Platform-as-a-Service (or PaaS) is one of the modern cloud technology that help you reduce your operational cost for your websites or other services. It helps remove the distractions of developers from deployment and operation monitoring, etc. In addition, it easily embraces other cool features like A/B testing with continuous integration. Continuous Integration is not a new concept but it was not easy to build such a system and maintain it inside your team. So a regular cadence deployment was widely used. However, the benefits of cloud computing brings the possibility to overcome those challenges in a single click.
According to wordpress.com, 25% of the Internet is using Wordpress, so I would like to use wordpress as an example to show you how to engineer your site into a PaaS environment and apply continuous integration in your site. Maybe you will ask why I need to continuous integration for the fully-engineered site like wordpress? And why not just use FTP to copy the site and deploy only once, then use all sorts of plugins? The answer is obvious that you don’t have to unless you know your site is going to be changed frequently in a very customized way. However, PaaS still brings a lot of benefits to the wordpress site. For instance, scalability and CDN may be two things you are thinking of. When you have a large among users hit your server, you can scale out your services by simply clicking on Azure or AWS’s management console. With their built-in CDN, it relive the service’s stress a lot which leads to lower cost.
People may wonder why do we need to setup a Git repo for our code. My suggestion is that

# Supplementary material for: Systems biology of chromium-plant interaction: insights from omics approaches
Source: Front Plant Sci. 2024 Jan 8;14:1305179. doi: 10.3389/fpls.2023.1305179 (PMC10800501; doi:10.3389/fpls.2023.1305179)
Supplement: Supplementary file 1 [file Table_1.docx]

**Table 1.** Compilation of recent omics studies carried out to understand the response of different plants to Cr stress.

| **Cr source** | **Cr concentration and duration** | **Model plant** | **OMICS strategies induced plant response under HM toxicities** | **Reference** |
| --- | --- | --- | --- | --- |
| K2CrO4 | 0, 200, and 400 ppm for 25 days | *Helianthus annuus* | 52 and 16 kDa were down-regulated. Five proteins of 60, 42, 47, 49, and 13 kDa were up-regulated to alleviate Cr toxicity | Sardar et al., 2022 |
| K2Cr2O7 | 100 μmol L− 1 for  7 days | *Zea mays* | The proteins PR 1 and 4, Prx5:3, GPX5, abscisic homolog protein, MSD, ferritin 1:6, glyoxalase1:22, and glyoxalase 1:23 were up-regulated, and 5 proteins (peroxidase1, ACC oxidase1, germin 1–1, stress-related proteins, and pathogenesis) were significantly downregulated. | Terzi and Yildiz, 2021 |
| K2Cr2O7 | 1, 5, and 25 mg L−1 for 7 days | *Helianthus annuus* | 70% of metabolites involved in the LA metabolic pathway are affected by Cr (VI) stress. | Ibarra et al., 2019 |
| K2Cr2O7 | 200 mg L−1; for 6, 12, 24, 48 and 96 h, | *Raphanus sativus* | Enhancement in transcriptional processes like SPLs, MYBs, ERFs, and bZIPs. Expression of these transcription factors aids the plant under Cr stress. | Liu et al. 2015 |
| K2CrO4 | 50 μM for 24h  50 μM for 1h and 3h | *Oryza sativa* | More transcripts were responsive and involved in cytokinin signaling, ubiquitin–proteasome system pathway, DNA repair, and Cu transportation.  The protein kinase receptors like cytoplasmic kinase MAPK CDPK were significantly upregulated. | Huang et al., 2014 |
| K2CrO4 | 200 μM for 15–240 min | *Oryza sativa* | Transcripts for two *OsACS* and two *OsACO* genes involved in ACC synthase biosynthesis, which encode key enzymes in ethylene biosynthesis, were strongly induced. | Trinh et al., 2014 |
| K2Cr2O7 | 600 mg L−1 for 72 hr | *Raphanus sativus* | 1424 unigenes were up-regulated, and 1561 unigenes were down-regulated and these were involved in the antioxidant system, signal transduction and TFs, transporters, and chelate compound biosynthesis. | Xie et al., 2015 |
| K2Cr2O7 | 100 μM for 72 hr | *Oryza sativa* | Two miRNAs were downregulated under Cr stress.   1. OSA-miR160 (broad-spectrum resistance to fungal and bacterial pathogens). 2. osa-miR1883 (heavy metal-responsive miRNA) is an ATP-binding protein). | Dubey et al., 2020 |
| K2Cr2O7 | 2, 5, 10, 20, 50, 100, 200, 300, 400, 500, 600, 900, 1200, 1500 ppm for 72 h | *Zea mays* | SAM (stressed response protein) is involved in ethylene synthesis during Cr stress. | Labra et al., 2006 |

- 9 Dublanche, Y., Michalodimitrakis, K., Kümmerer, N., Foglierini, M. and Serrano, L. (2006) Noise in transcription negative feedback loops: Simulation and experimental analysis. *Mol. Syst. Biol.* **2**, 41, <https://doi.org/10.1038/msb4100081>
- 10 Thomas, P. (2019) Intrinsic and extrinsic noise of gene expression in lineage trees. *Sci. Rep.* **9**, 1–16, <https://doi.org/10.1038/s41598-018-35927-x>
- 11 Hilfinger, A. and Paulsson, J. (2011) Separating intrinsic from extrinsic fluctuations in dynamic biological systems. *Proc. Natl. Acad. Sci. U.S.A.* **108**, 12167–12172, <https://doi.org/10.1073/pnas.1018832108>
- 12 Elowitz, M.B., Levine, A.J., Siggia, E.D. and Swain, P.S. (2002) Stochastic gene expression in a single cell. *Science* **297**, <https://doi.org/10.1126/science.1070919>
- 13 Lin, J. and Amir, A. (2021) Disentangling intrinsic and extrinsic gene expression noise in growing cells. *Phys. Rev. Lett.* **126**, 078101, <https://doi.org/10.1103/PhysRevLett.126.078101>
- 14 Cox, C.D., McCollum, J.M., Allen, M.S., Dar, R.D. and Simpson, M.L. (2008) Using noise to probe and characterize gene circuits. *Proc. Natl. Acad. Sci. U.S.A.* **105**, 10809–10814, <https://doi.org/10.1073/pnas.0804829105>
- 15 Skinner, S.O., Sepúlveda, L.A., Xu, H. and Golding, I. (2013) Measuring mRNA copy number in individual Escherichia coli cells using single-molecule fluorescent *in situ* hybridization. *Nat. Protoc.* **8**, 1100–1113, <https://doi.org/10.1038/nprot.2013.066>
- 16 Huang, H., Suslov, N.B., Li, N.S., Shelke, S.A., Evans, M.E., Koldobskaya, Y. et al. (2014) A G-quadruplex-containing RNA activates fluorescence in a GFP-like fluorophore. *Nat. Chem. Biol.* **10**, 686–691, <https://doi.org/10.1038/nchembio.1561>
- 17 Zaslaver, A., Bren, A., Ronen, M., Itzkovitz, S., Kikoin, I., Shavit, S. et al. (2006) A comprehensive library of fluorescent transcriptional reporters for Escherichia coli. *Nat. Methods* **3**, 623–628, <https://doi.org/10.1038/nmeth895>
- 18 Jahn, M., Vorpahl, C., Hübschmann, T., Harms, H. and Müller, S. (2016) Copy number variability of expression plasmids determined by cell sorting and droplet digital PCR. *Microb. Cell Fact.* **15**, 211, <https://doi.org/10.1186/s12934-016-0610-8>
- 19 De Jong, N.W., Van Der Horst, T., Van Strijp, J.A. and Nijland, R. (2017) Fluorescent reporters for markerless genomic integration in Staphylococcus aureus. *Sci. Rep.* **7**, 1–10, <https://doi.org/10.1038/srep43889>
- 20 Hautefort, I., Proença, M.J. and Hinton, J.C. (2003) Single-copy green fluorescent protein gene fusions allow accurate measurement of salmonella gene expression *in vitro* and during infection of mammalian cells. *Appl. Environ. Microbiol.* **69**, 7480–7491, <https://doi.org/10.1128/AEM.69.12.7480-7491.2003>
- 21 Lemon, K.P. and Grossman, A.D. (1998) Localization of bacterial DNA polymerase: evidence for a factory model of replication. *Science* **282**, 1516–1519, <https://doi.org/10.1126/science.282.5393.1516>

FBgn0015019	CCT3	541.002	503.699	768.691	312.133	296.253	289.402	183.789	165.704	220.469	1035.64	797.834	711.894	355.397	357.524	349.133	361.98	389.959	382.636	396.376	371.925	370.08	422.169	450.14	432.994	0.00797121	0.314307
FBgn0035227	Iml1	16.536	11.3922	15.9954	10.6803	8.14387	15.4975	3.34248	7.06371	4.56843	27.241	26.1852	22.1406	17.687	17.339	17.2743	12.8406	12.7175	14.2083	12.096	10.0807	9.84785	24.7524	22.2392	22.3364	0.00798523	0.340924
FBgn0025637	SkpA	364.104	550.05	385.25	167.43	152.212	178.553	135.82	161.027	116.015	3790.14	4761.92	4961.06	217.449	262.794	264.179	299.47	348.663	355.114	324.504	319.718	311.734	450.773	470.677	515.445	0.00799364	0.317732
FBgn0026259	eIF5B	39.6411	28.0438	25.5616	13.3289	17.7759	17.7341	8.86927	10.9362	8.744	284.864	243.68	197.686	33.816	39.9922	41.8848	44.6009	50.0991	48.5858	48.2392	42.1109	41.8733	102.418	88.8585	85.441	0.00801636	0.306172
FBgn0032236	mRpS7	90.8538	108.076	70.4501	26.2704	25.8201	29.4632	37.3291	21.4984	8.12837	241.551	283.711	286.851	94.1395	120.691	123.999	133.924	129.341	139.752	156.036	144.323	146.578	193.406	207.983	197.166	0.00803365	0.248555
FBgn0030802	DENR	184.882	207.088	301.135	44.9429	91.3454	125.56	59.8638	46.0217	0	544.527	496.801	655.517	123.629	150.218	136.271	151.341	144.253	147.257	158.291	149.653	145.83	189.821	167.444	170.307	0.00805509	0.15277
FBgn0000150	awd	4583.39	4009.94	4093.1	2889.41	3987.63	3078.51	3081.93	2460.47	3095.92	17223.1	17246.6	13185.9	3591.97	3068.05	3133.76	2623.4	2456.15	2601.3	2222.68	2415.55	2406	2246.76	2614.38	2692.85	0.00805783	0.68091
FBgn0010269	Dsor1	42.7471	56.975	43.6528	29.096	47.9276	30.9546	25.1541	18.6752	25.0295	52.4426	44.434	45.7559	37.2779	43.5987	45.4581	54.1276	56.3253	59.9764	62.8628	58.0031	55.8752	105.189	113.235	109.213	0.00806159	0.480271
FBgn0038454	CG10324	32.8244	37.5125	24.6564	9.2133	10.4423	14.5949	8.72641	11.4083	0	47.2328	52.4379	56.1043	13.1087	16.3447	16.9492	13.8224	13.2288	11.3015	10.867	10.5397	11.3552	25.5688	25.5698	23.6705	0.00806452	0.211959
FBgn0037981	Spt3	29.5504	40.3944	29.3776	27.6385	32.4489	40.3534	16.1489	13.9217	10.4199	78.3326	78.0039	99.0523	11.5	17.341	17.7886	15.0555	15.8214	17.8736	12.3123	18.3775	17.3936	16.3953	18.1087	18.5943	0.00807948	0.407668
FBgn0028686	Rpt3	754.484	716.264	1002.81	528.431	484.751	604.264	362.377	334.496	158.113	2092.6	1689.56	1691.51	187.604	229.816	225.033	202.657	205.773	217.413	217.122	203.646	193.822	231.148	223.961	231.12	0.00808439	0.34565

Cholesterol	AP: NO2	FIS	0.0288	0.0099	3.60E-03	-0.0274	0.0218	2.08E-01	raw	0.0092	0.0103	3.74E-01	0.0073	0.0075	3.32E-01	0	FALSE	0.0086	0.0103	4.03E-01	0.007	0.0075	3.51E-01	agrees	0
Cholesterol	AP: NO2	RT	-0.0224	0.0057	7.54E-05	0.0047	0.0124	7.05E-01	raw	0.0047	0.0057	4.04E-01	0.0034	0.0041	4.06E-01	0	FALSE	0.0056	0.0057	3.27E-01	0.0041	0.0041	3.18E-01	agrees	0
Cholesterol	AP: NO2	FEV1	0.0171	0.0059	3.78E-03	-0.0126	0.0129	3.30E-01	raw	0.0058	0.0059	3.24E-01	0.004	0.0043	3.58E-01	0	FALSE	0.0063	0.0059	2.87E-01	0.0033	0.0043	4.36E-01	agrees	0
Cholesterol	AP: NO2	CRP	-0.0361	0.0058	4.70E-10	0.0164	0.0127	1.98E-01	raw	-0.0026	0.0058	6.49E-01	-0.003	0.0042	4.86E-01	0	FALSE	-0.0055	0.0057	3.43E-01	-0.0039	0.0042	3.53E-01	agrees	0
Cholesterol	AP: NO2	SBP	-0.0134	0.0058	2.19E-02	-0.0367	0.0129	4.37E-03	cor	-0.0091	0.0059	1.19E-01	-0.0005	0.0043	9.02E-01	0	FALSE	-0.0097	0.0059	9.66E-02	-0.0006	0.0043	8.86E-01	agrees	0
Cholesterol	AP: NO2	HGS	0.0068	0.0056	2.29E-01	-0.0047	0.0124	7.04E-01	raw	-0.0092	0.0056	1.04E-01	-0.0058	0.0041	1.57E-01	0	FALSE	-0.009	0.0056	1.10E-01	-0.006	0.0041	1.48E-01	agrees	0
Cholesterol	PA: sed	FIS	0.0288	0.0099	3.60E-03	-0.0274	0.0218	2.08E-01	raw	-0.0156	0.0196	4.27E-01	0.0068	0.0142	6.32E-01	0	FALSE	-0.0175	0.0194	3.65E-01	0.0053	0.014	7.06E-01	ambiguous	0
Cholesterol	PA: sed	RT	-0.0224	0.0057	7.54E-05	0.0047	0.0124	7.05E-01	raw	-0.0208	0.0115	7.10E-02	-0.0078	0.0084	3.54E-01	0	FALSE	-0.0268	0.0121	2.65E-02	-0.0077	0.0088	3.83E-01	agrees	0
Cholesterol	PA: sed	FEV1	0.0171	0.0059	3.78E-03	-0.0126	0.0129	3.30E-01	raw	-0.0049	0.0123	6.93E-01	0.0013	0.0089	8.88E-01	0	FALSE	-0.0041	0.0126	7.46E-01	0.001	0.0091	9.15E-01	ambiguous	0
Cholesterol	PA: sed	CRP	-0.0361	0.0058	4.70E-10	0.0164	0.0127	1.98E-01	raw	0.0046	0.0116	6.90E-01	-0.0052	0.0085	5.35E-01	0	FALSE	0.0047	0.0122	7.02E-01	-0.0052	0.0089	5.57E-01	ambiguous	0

think future. It is possible for a startup to grow and have more than one engineers to contribute, so Git is one of the best platform that enables a good collaboration among the engineers. This step is so easy by simply create a repo in Github and start using this Git repo.
There is a very good article to start creating an Azure Web app, it supports most of major platform from PHP to Node.js and ASP.Net. Once you have created your own web app, you will see the following views in the Azure Management Portal.
From the screenshot above, you will easily see the settings there, then click it and scroll down, you will find settings related to
publishing. These are the sections you need to make sure configure correctly before you announce your website.
Very clearly, you will see what you need: continuous deployment, deployment credentials and deployment slots. If you click the first one, then you will need to setup and connect to your Github account which is very straightforward. Once you finish that step and you will see the following screenshot with your site’s initial deployment.
After you connect to your Github, then your code will get deployed every time you push to the branch you selected and the deployment will reflect on the deployment setting as well.
A/B testing is my favorite part because it could tell me how people like our site or not. Azure provides a super easy way to make this happen. The only thing you need to do is to create a new deployment slot and setup how you want to deployment to the new slot. The alternative deployment slot could be exactly the same as the production one as well. If wonder how does it handle with the multiple instances (duplicated instances to reduce the burdens come from the users), the solution is clear in Azure: every deployment slot will have the same number of instances and it will be swapped all together. Following screenshot is the control tower to swap different slots that you can change your site at any time.
However, this only provides capability to swap different versions of your website but it is not serving both versions at the same time. There is a feature called
Traffic Routing which enables you to start the traffic routing of two slots at a certain percentage.
Now you should be able to run your website and A/B testing. One last thing I want to point out is that PaaS and continuous integration are not limited to Azure, it is also available in AWS as well. So if you are a pure Linux guru, I would suggest you give AWS a shot, then enjoy the rest of time developing your feature work and forget about engineering problems.